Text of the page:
Conference focuses on best practices in towing rope technology

By Alan Sorum
Council project manager

A recent conference on rope design hosted by Samson Rope, a leading producer of high performance towing rope, shared best practices for towing that may be applicable in Prince William Sound.

Founded in Boston in 1878, Samson is the world’s largest producer of ropes made with “Dyneema,” an ultra-high molecular weight polyethylene fiber. The company manufactures ropes of traditional fibers, like nylon and polyester.
Samson provided the emergency towing equipment for the last two foreign-flagged tankers that called on the Valdez Marine Terminal. The International Maritime Organization, a United Nations agency tasked with improving maritime safety and preventing pollution from ships, requires tankers to carry an emergency towing package on their stern. In addition to this equipment, the Alaska Department of Environmental Conservation requires what is known as the “Prince William Sound Tow Package” to be carried on the bow of every tanker. This towing package consists of a messenger line, towline, buoy, and heavy-duty shackle that can be quickly deployed in an emergency.

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Louisiana’s Edison Chouest Offshore to take over from Crowley in 2018 as Alyeska’s maritime contractor

Council invited to observe trainings, ship construction, on-water exercises

Edison Chouest plans to purchase several barges currently in use in Prince William Sound, including the 500-2. The 500-2 is a support barge for spill recovery operations near shore.

In June, Alyeska Pipeline officially confirmed that Edison Chouest Offshore will take over from Crowley Maritime as the provider of oil spill prevention and response services for the terminal and tankers in Prince William Sound. The overlap of Crowley and Edison Chouest’s marine assets in Prince William Sound will take place over a three to six week period in the summer of 2018.

The contract, signed in early August, is effective until 2028.

Edison Chouest is planning five new escort tugs, four new general purpose tugs, three new barges, and two line boats. Construction of the general purpose tugs began this summer. Edison Chouest is planning to purchase two barges currently in Prince William Sound and build three new barges.

Edison Chouest owns shipyards in the Gulf of Mexico, and the majority of the testing will be done nearby. Further testing will be done in Puget Sound and later in Prince William Sound once the vessels arrive in the region.
Alyeska has promised further details about the vessels such as escorting performance specifications, firefighting capabilities, and spill response equipment in the near future.

Observing the process

The council is attending meetings along with ADEC, the Coast Guard, and Crowley for updates and information from Alyeska and Edison Chouest. Roy Robertson, the council’s drill monitor, has been attending on behalf of the council.
“They have offered us the opportunity to observe vessel construction, crew trainings, and on-water exercises,” said Robertson. “We are setting aside funds for these trips to the shipyards and training facilities in the Gulf of Mexico.”

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Foreign tankers arrive in Prince William Sound

Council observing process

The 900-foot long Tianlong Spirit was built in 2009 and is registered in the Bahamas. Photo by Doug Craig.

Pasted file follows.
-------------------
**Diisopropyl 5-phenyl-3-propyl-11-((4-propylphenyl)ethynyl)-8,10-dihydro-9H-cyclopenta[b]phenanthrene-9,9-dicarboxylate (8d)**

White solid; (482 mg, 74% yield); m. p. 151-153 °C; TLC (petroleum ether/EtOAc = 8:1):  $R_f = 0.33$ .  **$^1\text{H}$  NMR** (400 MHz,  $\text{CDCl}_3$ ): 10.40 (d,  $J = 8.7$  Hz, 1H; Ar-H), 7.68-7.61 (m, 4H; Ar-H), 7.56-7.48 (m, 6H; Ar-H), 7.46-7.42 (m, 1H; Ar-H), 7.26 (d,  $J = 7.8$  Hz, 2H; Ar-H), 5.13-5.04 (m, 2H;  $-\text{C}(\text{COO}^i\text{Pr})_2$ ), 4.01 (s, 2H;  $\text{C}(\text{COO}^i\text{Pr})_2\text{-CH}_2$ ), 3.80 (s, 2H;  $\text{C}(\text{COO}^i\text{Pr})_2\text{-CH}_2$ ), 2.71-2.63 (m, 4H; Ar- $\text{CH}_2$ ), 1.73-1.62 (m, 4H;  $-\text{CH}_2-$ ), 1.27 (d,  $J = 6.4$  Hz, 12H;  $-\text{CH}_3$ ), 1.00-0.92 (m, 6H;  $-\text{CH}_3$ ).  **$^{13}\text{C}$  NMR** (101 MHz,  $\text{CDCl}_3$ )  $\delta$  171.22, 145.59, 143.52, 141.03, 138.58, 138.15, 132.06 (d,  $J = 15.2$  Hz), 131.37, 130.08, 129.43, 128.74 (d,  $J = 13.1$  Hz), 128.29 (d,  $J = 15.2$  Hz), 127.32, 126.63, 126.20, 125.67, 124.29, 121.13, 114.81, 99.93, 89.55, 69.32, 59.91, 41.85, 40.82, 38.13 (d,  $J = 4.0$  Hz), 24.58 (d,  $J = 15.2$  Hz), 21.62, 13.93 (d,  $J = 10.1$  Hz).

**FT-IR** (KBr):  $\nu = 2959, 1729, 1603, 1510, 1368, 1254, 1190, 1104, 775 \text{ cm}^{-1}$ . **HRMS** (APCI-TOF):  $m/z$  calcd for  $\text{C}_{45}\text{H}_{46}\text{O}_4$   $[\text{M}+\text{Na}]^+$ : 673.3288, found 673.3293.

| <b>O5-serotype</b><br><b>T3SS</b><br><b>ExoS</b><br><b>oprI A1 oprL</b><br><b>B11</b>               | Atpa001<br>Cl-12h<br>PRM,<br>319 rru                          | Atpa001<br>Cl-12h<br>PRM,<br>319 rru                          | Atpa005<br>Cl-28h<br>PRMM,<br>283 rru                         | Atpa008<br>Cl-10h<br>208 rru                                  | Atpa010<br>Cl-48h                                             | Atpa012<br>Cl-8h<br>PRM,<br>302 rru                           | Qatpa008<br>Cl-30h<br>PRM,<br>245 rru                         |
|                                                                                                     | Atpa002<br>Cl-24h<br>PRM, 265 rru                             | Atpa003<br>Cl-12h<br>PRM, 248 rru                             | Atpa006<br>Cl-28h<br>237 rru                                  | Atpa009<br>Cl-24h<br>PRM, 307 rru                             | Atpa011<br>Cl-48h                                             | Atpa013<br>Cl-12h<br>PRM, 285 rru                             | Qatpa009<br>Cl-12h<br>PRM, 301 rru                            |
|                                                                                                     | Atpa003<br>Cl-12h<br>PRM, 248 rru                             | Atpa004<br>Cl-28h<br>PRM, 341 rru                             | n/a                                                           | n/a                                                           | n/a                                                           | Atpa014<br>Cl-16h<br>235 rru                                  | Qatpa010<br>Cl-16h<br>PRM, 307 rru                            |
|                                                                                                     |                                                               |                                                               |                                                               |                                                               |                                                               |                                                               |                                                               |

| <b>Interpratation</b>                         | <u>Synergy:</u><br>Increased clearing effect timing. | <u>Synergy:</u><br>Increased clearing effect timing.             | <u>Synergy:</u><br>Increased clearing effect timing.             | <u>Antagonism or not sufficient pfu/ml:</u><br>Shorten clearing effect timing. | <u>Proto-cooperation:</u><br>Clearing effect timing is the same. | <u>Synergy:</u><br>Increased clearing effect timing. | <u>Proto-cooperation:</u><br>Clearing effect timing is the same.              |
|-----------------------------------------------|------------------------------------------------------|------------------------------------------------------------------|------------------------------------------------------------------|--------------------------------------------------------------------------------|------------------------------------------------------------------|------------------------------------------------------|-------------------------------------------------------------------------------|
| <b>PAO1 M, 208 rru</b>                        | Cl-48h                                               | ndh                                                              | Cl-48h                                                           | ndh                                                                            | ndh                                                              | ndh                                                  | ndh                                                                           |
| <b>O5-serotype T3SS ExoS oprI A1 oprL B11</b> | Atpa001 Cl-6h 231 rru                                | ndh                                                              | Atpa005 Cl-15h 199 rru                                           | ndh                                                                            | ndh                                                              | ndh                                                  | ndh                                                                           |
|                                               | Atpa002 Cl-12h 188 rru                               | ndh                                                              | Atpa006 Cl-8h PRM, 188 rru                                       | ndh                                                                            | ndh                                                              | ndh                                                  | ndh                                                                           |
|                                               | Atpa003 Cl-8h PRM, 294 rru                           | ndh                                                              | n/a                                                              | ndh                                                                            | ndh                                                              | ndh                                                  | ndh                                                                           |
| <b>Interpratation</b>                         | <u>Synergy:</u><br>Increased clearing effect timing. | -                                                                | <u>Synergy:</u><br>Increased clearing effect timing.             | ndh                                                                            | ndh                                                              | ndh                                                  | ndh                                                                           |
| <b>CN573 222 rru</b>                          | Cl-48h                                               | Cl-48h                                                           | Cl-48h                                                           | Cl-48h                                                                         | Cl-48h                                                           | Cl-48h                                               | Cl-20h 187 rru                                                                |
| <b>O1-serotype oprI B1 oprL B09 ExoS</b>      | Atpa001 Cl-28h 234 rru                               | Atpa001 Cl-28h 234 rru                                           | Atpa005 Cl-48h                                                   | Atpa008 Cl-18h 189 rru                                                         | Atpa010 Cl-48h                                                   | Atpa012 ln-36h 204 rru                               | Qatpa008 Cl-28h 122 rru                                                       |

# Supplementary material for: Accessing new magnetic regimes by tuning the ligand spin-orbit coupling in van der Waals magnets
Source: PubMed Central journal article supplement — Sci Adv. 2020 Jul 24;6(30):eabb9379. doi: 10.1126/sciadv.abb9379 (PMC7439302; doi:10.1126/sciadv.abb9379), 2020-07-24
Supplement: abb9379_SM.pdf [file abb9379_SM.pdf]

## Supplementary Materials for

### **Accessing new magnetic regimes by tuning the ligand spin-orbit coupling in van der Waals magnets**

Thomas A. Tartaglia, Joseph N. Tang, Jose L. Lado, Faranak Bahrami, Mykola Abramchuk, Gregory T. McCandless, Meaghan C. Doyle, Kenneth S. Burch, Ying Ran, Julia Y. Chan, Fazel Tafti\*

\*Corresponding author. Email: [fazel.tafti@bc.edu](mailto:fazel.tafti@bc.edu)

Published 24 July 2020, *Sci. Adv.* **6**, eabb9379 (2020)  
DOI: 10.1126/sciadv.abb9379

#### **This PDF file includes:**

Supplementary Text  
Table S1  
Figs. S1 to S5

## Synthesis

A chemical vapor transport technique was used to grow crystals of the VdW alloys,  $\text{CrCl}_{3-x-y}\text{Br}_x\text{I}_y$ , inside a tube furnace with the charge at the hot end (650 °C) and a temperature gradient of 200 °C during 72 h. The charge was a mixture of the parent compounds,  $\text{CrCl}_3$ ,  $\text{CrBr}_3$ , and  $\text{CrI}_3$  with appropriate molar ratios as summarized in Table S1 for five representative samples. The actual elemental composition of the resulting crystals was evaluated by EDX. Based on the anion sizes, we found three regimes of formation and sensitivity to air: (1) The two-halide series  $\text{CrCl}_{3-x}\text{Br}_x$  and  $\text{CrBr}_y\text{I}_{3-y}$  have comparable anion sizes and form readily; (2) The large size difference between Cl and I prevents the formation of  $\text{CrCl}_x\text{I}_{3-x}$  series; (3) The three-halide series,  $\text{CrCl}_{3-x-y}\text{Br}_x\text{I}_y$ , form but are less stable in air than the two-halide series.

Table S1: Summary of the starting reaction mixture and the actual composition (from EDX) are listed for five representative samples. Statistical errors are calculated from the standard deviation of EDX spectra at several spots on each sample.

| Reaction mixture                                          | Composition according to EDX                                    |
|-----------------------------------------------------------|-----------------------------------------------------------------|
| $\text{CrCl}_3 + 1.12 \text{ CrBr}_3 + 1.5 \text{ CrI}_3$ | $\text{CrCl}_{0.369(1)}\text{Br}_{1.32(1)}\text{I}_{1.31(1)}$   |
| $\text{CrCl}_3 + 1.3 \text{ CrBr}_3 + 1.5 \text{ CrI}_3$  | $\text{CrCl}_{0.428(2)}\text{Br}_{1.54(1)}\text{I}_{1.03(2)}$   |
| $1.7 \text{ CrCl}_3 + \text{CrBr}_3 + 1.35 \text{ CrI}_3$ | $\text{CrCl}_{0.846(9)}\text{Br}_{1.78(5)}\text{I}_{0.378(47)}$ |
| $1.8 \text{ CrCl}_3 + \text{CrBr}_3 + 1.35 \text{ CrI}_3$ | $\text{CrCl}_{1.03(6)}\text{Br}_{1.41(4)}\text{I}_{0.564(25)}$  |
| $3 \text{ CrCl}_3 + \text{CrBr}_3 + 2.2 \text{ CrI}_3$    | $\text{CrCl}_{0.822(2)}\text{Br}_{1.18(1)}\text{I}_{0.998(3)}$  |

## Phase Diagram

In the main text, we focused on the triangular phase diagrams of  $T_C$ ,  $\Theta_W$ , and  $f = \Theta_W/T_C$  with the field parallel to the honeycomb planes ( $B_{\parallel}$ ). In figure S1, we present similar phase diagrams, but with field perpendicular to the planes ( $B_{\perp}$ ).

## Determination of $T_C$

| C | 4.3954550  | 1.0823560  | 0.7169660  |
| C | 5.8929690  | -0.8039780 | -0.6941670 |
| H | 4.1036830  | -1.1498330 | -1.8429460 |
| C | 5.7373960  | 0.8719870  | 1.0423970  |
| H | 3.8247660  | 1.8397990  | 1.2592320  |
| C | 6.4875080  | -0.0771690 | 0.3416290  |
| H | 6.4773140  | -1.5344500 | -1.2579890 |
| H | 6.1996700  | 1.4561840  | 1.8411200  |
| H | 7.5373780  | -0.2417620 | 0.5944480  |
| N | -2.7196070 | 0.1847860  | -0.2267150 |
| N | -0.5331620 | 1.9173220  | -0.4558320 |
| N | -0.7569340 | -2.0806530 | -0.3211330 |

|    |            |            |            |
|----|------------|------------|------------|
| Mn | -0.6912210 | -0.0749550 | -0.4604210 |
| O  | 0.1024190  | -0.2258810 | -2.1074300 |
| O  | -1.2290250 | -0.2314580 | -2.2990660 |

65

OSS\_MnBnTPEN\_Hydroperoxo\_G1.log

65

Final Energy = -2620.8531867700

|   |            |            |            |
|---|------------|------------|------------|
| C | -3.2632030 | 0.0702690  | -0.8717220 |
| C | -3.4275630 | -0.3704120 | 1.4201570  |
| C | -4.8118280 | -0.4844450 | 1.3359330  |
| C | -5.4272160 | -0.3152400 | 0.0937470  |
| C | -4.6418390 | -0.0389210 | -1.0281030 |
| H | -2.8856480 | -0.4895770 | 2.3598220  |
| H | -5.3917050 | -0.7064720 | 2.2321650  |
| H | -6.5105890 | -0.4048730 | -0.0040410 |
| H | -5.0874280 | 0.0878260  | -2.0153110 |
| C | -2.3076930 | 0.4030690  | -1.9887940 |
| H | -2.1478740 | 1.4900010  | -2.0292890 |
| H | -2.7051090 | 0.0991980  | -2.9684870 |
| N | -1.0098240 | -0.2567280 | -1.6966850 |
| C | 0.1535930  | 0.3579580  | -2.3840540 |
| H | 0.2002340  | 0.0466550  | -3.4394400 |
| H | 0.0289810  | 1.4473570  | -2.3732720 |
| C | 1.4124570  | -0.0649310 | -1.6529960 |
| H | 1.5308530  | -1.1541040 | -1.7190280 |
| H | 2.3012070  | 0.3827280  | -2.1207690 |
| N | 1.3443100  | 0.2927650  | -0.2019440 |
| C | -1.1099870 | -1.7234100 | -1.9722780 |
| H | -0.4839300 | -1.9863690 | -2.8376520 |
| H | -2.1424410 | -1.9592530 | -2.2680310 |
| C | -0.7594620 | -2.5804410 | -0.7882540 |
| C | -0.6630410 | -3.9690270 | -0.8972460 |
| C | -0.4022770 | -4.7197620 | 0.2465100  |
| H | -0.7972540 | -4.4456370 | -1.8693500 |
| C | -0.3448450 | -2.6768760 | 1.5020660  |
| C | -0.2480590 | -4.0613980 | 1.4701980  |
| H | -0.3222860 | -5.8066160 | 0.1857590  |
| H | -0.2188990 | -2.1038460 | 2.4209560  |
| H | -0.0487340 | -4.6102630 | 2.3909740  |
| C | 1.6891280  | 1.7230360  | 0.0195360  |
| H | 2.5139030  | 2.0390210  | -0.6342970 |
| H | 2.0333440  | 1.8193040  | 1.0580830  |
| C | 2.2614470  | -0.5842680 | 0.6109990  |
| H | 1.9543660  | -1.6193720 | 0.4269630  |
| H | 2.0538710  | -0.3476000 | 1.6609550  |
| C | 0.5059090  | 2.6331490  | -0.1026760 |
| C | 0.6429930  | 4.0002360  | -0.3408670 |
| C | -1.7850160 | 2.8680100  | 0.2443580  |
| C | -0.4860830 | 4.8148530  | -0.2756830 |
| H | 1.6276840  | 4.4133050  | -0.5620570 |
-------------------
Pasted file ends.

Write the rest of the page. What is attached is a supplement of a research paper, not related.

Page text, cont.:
Two foreign-flagged tankers hauled Alaska North Slope crude oil from the Valdez terminal this summer for the first time in over 30 years. The last time non-U.S. vessels shipped Alaska crude to foreign refineries was in the 1980s when West Coast refineries could not keep up with the amount of crude coming out of the pipeline.

The first tanker, the Tianlong Spirit, visited the terminal late last July and the second, the Cascade Spirit, arrived in early August. Both are chartered by BP, and owned by Teekay Corporation.

A ban on selling U.S. oil was put in place during the 1970s Arab oil embargo in an effort to keep Alaskan oil in the U.S. At the time, the U.S. was in the middle of an energy crisis and gasoline prices were soaring. Alaska oil was exempted from the ban in 1995 under President Clinton, although the oil still had to be transported by U.S.-flagged tankers. Congress lifted the export ban for the rest of the U.S. in late 2015, which the Alaska delegation sought for the past 20 years. This change also allowed foreign tankers to transport oil out of the U.S.

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From the President and Executive Director: Partnerships build trust and help prevent oil spills

By Amanda Bauer, President of the Council’s Board of Directors and Donna Schantz, Executive Director.

Amanda Bauer
Donna Schantz

In 1990, just after the worst oil spill the U.S. had ever seen, Congress was tasked with creating legislation that would prevent such a disaster from happening again. One goal of the resulting legislation, the Oil Pollution Act of 1990, was to foster long-term partnership and build trust between industry, government, and local communities. To help accomplish this, the Act mandated regional citizens’ advisory councils to help monitor the oil industry in Prince William Sound and Cook Inlet.

Great visionaries began this experiment in building partnership and trust. While some of these people are no longer with us, we still share the vision that motivated them.

Today, the council still works to find common ground between citizens, the oil industry, and regulators in order to develop the trust necessary to build and maintain the safest marine transportation system in the world.

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